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The Albemarle Board of Supervisors has reaffirmed its support for policies designed to reduce its own energy usage, six years after a previous board voted to withdraw from a program to reduce carbon emissions from county buildings.
Supervisors voted 6-0 on Sept. 6 on a resolution to “support local actions to reduce climate pollution.”
“This is just making sure that everybody is clear that we’re not in that same spot,” said Supervisor Liz Palmer. “We’re back on track.”
Supervisors had adopted the “Cool Counties” initiative in 2007 which called for the county to reduce its carbon emission by 80 percent of by 2050.
A later board rescinded the effort in September 2011 after receiving pressure from local groups concerned that efforts to address climate change were a way for the United Nations to limit American prosperity. Earlier that summer, the board ended its membership in the International Council for Local Environmental Initiatives following a public hearing in which 83 people spoke.
Albemarle had also participated in a regional effort called the Local Climate Action Planning Process (LCAPP) that culminated in an August 2011 report. Supervisors at the time opted to not participate in further regional environmental efforts, but the makeup of the board has changed in two subsequent elections.
“This report was really recommendations for the city, the county and the University of Virginia to use to then develop more of an action plan themselves,” sai Greg Harper, the chief of the county’s environmental services division. “It’s not very specific but it has strategies and principles that we would use to adopt our own implementation plan.”
As part of that work, supervisors did adopt an environmental stewardship strategic plan in 2013, a plan that was to have been adopted this year. That work is now under way.
“This was focused on the community and not government operations,” Harper said. “We wanted to look internally and just focus on those things that we had immediate control over.”
Harper said Albemarle’s school system is transitioning its lighting to LED systems to reduce energy and are also taking steps to reduce water usage. The school system has also installed 1.1 megawatts of solar panels at six schools.
However, those efforts won’t take place for now at the county’s main office building on McIntire Road.
“We’re sort of putting our work on hold until we can resolve how long we’re going to be in this building,” Harper said. “We didn’t want to make investments in this building unless we knew what the future uses will be.”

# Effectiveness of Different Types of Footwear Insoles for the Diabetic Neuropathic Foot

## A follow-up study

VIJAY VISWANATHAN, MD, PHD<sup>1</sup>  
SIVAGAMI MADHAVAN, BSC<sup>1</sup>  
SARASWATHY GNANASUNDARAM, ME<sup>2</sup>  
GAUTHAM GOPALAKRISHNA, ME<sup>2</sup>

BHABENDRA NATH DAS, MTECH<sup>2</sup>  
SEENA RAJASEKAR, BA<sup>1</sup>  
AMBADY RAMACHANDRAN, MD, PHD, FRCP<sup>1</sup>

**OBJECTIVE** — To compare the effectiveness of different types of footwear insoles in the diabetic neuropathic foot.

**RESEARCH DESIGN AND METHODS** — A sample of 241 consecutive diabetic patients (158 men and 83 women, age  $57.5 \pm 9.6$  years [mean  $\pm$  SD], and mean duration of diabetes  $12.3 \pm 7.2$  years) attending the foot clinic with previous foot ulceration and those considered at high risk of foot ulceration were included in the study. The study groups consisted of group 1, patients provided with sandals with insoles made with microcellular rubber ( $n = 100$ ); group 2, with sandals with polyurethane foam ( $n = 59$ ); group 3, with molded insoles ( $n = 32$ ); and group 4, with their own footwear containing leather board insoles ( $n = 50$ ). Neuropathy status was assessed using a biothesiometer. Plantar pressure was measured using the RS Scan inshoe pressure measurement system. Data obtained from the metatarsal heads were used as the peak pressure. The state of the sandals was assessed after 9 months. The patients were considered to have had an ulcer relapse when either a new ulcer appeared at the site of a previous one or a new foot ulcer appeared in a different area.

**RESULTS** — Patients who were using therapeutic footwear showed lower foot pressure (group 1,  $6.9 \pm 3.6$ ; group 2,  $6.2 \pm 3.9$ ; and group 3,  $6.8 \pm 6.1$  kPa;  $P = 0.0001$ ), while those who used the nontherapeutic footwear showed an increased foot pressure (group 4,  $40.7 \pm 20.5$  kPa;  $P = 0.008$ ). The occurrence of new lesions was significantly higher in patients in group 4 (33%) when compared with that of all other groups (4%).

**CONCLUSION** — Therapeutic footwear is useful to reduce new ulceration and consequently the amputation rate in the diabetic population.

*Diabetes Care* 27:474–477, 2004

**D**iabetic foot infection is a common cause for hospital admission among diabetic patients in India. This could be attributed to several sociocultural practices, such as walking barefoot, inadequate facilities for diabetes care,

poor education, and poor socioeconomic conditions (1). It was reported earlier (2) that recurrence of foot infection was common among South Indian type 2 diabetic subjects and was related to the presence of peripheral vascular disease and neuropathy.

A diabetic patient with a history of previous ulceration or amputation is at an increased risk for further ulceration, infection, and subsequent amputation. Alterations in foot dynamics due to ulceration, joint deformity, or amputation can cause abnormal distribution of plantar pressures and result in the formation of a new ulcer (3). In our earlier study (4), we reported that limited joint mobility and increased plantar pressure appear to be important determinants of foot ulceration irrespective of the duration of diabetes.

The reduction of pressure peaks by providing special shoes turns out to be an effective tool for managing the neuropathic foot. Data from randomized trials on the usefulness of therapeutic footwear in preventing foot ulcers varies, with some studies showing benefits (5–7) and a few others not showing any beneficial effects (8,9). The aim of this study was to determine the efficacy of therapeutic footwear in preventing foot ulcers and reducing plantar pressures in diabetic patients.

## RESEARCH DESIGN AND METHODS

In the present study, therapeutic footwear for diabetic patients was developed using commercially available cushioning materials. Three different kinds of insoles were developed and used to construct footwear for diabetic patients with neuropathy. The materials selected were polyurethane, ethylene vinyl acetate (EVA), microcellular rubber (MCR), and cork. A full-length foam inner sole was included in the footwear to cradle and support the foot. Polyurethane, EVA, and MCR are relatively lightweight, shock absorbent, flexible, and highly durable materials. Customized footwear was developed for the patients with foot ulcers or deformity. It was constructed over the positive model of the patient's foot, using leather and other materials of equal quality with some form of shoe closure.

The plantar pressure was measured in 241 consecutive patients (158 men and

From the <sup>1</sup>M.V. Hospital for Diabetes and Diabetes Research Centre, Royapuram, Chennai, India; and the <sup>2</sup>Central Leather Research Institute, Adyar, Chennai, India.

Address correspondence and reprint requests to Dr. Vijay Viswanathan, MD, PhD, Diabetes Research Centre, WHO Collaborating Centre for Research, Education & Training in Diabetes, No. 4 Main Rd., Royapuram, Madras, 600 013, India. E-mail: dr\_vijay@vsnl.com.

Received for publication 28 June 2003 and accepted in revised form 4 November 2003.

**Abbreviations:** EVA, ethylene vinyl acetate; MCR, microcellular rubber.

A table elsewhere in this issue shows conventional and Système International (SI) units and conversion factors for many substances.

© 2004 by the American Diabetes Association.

The current board of supervisors is exploring moving the main office building from the city of Charlottesville to another location in the county as a way of spurring economic development.
Harper also said county employees can now use a county-owned bike rather than a county-owned vehicle to make official business trips around the community.
The board’s resolution in 2017 is a far distance from the skepticism that culminated in the 2011 withdrawal from Cool Counties.
“There is scientific consensus regarding the reality of climate change and the recognition that human activity, especially the combustion of fossil fuels that create greenhouse gases, is an important driver of climate change,” reads the second paragraph.
The current board also places a premium on economic development.
“Taking steps to increase energy efficiency and resilience can attract jobs and economic development opportunities to our community and increase our long-term economic competitiveness and wealth,” reads the sixth paragraph.
“Regardless of how you feel about the cause of climate change, this is about jobs,” said Supervisor Diantha McKeel said. “It’s about jobs and putting people to work.”
Harper pointed out the LCAPP report is six years old and the county would like to update it to reflect new technology and to have a wider scope.
“We’re proposing that the plan would be a community-wide or county-wide plan and not just focus internally,” Harper said.
Harper said the updated report would also prepare the community for the effects of climate change.
“We don’t live on the coast but there are other threats that are going to come from a warmer atmosphere,” Harper said. “That’s more intense rainfall, higher volumes of rainfall and longer periods of drought. It’s really the extremes that we’re probably going to see more of.”
Supervisor Norman Dill pointed out that several clean energy companies are based in Charlottesville and this is a good time for the county to invest in solar and encourage others to do so as well.
“There are tremendous opportunities here because of price reductions,” Dill said. “And of course now with Hurricane Harvey and Hurricane Irma, it’s going to convince people that we really need to do something now.”
Supervisor Ann H. Mallek was on the board when supervisors peeled back support for addressing climate change in the summer of 2011 and was one of two votes against the move. She also has a farm and said agriculture is adjusting.
“I can tell you as a farmer that things are already changing in massive ways about breeding schedules for animals, what crops can be grown here and what bugs are coming here,” Mallek said. “It is here already, folks.”
Mallek told her colleagues they need to catch up with the city and UVA have done to invest in programs to help county residents make their homes energy-efficient.
On Sept. 8, supervisors directed staff to set aside funding in the fiscal year 2019 budget to increase funding for the Local Energy Alliance Program (LEAP).